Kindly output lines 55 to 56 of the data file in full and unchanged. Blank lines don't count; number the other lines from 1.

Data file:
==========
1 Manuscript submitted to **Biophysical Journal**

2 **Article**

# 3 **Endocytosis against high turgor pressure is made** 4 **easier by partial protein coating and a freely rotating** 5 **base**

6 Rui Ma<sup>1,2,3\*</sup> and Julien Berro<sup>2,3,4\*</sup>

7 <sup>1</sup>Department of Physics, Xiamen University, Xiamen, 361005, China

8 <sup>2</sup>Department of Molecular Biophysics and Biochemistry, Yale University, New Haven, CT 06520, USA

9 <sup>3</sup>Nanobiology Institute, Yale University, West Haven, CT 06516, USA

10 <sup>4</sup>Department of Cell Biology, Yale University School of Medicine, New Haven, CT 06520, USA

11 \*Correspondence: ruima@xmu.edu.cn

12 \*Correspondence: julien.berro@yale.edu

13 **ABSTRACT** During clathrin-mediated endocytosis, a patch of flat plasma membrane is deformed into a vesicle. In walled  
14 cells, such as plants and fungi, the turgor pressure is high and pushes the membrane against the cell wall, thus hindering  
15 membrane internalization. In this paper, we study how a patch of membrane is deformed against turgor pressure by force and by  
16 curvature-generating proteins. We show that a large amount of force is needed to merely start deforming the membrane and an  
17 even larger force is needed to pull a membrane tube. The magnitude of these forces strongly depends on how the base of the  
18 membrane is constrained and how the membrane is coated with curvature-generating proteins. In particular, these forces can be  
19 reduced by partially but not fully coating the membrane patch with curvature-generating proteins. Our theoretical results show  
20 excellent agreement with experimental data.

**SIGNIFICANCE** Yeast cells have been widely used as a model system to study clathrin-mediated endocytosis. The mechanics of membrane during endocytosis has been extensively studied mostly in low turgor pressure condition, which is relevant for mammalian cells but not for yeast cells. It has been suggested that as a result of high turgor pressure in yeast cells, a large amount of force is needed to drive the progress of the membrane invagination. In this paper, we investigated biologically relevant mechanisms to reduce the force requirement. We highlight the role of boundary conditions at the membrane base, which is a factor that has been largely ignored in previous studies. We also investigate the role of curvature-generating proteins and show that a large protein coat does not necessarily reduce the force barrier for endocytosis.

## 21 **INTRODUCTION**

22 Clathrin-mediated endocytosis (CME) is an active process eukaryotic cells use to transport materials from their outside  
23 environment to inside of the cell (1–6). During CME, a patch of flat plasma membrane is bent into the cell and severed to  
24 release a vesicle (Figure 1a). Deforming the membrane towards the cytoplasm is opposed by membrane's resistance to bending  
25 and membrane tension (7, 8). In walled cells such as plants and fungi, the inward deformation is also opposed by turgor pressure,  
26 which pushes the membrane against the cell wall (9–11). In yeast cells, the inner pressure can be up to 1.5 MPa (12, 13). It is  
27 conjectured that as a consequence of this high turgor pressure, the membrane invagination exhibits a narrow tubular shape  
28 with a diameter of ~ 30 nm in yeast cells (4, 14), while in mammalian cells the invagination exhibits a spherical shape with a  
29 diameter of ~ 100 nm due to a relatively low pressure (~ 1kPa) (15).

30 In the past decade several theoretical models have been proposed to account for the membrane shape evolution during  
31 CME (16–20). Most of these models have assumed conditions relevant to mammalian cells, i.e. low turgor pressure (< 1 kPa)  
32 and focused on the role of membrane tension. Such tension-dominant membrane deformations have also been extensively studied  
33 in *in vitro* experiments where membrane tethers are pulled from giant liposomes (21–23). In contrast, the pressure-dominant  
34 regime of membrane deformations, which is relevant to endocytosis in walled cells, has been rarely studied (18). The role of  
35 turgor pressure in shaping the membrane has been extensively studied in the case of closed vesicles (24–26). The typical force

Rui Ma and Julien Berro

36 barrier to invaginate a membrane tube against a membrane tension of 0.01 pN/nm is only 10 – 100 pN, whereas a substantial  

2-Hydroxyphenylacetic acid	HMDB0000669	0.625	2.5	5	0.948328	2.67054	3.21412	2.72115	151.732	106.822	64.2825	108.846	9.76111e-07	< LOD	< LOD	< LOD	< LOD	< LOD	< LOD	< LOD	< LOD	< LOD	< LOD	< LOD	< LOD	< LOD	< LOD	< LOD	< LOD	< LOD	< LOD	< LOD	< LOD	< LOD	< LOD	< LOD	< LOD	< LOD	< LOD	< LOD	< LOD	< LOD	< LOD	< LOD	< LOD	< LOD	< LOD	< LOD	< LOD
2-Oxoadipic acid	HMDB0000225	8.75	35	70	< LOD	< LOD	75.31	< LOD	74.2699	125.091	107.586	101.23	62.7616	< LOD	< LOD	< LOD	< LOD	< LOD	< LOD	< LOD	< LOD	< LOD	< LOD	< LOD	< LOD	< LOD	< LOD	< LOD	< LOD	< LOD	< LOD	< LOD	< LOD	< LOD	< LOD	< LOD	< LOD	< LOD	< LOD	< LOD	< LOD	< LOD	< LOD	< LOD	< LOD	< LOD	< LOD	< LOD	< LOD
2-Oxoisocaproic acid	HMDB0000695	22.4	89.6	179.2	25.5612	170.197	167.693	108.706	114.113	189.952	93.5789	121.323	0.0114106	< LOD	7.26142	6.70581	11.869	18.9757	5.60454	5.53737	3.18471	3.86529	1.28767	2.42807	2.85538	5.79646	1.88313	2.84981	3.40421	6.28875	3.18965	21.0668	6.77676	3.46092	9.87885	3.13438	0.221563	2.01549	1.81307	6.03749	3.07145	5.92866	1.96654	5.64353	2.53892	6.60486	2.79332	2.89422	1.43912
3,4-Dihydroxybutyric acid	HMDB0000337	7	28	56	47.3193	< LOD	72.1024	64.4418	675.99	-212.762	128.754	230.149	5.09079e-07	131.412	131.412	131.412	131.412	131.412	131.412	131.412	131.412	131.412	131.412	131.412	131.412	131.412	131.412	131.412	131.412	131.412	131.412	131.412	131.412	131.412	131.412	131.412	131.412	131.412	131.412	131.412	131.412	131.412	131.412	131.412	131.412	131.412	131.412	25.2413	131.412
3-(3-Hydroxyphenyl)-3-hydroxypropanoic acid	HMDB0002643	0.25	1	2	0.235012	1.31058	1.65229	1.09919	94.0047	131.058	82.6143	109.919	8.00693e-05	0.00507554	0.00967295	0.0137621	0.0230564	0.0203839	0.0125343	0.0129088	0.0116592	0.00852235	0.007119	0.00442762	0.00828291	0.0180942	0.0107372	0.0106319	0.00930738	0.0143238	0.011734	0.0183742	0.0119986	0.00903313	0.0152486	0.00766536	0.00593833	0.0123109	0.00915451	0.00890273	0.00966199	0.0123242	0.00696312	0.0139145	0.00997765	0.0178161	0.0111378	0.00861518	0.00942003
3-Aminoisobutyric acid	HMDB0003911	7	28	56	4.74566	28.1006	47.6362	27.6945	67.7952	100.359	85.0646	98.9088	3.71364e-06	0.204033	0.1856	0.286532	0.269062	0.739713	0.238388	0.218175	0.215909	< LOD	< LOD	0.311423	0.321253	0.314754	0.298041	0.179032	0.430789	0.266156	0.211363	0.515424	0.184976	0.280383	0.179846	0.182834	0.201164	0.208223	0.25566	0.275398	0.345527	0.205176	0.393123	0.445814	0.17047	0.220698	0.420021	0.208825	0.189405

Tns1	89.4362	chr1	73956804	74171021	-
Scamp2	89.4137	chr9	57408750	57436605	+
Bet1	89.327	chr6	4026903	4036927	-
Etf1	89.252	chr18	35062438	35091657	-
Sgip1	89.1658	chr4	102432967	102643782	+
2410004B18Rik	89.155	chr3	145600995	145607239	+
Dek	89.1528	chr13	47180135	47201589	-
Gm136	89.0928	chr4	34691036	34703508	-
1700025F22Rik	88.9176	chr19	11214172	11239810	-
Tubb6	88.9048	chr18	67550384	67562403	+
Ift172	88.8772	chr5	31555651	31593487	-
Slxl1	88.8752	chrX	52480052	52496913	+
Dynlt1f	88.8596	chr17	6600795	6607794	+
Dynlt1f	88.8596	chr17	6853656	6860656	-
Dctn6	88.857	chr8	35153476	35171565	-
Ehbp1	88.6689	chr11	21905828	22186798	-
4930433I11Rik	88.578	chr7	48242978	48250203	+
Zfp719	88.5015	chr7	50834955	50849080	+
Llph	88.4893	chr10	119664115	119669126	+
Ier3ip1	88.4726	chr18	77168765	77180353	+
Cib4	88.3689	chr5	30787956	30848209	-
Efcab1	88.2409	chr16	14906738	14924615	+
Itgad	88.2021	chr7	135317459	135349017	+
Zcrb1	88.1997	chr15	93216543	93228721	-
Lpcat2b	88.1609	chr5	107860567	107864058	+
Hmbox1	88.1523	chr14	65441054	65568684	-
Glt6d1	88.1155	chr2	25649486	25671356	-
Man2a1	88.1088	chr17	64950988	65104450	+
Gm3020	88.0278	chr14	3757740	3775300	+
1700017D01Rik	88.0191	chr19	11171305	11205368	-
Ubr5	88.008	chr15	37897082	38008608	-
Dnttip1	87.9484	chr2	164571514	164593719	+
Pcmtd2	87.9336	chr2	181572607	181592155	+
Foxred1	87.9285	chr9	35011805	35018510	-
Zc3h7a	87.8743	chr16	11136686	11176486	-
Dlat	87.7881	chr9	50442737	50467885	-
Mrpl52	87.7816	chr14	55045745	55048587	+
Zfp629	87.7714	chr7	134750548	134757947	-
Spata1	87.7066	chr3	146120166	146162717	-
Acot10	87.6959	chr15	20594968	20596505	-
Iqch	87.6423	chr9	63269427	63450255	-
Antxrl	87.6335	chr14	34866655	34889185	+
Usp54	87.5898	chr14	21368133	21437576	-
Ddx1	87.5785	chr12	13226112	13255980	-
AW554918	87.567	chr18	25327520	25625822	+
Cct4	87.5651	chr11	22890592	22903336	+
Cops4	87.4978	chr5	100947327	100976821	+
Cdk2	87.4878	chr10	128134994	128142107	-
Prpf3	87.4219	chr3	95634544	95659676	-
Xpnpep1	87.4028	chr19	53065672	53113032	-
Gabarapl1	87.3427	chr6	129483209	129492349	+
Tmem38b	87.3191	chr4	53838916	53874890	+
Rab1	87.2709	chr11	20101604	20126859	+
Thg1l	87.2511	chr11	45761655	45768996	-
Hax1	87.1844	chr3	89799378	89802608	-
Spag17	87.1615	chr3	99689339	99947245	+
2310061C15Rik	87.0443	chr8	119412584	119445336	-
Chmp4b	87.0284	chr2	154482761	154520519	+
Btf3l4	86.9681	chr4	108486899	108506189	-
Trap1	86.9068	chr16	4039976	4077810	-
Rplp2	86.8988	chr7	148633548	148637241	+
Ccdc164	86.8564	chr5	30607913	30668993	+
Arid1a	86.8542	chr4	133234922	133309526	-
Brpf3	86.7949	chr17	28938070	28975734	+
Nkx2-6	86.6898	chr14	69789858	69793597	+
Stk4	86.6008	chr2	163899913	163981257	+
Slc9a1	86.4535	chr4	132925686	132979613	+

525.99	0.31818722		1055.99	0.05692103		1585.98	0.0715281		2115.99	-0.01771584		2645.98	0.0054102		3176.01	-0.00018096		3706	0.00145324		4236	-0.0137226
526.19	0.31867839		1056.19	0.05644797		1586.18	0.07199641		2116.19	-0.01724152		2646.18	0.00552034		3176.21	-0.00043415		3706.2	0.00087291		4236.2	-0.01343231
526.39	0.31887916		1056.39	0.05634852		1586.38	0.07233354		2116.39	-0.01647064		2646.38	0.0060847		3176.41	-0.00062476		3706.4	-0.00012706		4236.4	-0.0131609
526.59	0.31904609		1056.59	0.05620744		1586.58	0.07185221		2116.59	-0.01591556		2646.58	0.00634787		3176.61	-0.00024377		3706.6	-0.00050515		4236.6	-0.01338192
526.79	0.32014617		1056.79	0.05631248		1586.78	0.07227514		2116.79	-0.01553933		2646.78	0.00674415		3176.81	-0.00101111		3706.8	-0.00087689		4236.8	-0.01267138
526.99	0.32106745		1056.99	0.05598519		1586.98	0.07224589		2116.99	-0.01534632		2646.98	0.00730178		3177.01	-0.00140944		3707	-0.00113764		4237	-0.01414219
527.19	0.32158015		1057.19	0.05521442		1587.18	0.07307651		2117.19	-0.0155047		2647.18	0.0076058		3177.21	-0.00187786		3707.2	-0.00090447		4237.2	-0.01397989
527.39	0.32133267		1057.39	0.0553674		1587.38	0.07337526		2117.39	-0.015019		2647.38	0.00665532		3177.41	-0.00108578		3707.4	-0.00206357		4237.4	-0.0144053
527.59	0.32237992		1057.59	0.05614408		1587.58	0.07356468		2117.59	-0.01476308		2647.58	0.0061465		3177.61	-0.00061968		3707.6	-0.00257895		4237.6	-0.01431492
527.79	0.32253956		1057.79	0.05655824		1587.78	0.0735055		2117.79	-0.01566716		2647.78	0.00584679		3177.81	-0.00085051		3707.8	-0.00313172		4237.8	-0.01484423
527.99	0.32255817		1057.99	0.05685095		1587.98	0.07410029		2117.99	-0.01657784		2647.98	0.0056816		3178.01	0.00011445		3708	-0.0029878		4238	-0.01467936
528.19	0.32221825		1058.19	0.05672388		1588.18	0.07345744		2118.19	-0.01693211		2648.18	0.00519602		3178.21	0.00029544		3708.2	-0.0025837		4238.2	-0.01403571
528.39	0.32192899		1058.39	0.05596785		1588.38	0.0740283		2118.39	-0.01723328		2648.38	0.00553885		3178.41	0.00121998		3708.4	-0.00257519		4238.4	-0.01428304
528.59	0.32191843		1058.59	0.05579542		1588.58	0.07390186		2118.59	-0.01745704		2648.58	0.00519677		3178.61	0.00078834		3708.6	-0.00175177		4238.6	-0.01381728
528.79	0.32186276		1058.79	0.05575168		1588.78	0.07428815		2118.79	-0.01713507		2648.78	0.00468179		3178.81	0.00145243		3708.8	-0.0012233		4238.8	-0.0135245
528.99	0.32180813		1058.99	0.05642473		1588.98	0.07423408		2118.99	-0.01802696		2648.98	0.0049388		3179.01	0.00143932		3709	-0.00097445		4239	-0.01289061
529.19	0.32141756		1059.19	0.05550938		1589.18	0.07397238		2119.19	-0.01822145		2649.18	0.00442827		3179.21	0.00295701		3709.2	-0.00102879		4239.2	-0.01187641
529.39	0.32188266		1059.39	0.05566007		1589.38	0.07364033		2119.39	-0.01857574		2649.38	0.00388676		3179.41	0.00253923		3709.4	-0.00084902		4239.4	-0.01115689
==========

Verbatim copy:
Dynlt1f	88.8596	chr17	6600795	6607794	+
Dynlt1f	88.8596	chr17	6853656	6860656	-